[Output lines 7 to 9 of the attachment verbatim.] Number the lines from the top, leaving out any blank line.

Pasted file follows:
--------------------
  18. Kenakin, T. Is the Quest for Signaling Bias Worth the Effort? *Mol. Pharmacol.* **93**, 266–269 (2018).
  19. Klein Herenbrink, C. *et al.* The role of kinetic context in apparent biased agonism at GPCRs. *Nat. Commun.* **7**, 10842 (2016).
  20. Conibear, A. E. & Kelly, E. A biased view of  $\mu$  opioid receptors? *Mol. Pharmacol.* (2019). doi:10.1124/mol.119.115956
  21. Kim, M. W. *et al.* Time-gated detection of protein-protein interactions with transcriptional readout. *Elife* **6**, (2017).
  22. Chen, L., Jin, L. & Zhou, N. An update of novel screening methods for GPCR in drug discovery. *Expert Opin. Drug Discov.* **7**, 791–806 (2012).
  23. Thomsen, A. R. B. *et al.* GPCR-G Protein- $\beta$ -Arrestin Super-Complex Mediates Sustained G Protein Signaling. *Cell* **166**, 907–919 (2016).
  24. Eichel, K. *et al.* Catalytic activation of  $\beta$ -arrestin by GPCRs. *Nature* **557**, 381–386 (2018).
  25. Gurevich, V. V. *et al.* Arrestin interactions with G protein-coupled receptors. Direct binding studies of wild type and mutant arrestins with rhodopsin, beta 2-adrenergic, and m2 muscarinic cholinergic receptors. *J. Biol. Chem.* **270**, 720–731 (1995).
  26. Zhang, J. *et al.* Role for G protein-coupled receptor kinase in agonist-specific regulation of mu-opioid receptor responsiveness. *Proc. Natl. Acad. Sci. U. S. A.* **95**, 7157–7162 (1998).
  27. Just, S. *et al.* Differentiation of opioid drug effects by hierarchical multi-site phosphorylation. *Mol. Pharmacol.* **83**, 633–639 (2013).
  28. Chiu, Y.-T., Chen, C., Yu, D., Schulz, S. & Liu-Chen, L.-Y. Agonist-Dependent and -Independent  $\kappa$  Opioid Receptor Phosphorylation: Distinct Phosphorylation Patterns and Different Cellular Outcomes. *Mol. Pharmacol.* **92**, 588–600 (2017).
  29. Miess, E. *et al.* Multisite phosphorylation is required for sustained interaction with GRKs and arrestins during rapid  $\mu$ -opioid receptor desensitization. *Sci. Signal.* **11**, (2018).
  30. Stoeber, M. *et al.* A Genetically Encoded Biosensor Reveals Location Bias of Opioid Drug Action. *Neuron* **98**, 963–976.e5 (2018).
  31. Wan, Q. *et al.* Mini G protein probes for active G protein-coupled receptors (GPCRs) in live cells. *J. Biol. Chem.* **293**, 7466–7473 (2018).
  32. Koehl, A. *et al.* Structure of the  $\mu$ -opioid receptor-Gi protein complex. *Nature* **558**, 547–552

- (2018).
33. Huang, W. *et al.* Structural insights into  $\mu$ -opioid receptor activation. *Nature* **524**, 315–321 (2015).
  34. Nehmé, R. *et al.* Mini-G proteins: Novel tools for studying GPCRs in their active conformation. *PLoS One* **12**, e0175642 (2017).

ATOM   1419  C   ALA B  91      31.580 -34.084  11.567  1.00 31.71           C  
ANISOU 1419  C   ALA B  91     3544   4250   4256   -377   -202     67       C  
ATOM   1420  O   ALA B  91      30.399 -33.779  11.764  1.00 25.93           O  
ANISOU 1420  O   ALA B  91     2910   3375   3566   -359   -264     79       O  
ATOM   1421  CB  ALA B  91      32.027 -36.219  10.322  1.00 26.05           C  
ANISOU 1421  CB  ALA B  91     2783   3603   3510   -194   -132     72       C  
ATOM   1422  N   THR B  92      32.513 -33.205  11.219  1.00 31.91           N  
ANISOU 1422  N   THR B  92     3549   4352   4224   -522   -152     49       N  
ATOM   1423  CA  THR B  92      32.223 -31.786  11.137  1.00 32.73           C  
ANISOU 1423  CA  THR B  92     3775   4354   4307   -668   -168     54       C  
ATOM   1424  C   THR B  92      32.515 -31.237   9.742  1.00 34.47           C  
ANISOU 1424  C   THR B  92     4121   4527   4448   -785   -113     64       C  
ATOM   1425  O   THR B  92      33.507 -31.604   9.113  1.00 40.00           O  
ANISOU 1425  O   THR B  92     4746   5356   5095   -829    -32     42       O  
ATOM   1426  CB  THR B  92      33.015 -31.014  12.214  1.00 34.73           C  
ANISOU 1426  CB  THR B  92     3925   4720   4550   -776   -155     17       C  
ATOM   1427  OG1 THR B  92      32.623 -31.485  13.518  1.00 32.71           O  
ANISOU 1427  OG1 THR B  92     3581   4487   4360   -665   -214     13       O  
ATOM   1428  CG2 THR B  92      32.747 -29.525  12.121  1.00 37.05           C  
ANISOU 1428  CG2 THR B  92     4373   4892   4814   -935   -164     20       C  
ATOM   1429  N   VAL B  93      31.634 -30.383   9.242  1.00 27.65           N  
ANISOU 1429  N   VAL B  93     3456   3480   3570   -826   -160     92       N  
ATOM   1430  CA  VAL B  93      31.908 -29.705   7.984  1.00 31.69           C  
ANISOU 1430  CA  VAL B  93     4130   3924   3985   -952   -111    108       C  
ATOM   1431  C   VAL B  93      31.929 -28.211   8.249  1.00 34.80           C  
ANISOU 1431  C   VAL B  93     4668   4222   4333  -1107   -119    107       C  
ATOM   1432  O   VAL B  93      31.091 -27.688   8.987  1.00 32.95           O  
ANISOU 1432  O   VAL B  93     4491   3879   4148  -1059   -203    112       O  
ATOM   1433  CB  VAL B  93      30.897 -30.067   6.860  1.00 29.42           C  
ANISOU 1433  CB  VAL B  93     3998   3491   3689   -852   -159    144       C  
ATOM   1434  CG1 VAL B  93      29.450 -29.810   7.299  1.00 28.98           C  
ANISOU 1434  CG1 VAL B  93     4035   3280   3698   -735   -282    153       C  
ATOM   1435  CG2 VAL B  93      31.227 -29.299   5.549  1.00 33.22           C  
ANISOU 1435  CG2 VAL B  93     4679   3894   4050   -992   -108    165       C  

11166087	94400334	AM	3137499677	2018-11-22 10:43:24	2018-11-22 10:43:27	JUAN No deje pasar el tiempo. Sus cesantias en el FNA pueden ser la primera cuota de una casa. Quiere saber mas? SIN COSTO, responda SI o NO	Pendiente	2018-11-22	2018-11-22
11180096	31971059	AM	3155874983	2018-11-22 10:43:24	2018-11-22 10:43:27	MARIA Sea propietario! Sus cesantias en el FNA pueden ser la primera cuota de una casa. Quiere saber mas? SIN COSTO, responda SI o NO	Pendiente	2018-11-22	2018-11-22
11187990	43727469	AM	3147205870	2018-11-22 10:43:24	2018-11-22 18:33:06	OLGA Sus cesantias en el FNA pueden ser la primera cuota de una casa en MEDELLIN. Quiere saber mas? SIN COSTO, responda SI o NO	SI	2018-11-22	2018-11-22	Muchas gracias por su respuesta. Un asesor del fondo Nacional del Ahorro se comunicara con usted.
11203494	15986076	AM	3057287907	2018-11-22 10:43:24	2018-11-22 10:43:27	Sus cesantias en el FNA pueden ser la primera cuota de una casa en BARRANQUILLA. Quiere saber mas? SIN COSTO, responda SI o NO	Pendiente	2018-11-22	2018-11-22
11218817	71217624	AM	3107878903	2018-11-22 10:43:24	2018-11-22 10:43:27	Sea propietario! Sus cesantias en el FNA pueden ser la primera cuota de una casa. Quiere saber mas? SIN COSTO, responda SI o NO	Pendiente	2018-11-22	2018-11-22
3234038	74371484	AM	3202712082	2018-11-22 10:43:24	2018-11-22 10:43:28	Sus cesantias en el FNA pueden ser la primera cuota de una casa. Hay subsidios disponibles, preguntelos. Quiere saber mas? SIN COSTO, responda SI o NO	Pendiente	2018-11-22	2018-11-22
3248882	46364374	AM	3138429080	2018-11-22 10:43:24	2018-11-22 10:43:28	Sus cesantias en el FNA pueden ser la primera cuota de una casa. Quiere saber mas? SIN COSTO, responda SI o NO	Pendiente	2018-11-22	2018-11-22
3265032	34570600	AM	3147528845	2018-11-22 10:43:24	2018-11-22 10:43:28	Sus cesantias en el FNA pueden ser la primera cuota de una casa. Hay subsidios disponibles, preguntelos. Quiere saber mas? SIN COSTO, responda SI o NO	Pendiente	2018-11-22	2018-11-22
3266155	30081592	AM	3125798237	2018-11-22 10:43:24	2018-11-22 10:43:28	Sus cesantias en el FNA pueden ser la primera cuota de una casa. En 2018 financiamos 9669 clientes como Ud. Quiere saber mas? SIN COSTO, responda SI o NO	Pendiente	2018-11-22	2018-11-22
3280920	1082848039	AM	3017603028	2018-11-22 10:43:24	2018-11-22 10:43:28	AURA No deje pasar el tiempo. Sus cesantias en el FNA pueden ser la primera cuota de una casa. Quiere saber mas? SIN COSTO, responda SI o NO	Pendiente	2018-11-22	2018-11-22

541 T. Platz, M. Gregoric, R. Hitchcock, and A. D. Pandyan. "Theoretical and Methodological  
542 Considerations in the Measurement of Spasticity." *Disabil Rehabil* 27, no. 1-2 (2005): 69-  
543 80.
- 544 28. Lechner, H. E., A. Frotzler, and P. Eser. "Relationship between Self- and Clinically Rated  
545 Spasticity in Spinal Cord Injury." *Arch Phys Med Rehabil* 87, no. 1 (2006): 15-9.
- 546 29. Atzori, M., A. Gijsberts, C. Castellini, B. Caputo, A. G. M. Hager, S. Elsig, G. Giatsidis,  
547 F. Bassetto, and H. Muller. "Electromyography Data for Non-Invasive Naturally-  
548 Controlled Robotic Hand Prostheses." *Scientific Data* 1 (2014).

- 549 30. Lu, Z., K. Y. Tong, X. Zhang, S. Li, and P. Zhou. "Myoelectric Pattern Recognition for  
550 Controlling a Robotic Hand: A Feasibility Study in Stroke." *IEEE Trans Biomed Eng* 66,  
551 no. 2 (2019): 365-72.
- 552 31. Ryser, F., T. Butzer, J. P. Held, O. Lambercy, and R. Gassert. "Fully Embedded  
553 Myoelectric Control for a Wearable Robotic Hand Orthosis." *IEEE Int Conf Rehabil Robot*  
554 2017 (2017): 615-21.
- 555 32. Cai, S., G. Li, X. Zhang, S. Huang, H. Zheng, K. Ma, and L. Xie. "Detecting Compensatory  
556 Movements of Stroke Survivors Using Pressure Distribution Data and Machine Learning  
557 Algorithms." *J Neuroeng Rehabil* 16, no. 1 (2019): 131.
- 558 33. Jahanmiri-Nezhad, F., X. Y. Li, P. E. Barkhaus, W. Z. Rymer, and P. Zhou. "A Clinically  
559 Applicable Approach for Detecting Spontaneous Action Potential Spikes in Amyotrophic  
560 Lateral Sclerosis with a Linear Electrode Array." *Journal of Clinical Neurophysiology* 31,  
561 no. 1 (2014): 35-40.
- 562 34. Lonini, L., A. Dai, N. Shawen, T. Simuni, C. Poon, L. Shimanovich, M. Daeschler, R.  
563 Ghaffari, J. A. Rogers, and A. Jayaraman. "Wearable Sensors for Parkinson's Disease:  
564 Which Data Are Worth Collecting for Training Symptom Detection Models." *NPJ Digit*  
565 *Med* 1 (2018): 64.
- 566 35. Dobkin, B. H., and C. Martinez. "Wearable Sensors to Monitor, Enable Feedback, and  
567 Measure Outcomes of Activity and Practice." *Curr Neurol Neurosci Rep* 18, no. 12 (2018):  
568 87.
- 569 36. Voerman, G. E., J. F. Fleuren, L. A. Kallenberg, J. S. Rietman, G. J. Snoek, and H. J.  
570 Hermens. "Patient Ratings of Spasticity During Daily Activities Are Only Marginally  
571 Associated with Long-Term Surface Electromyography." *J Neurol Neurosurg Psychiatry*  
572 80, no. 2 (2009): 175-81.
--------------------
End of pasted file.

  24. Eichel, K. *et al.* Catalytic activation of  $\beta$ -arrestin by GPCRs. *Nature* **557**, 381–386 (2018).
  25. Gurevich, V. V. *et al.* Arrestin interactions with G protein-coupled receptors. Direct binding studies of wild type and mutant arrestins with rhodopsin, beta 2-adrenergic, and m2 muscarinic cholinergic receptors. *J. Biol. Chem.* **270**, 720–731 (1995).
  26. Zhang, J. *et al.* Role for G protein-coupled receptor kinase in agonist-specific regulation of mu-opioid receptor responsiveness. *Proc. Natl. Acad. Sci. U. S. A.* **95**, 7157–7162 (1998).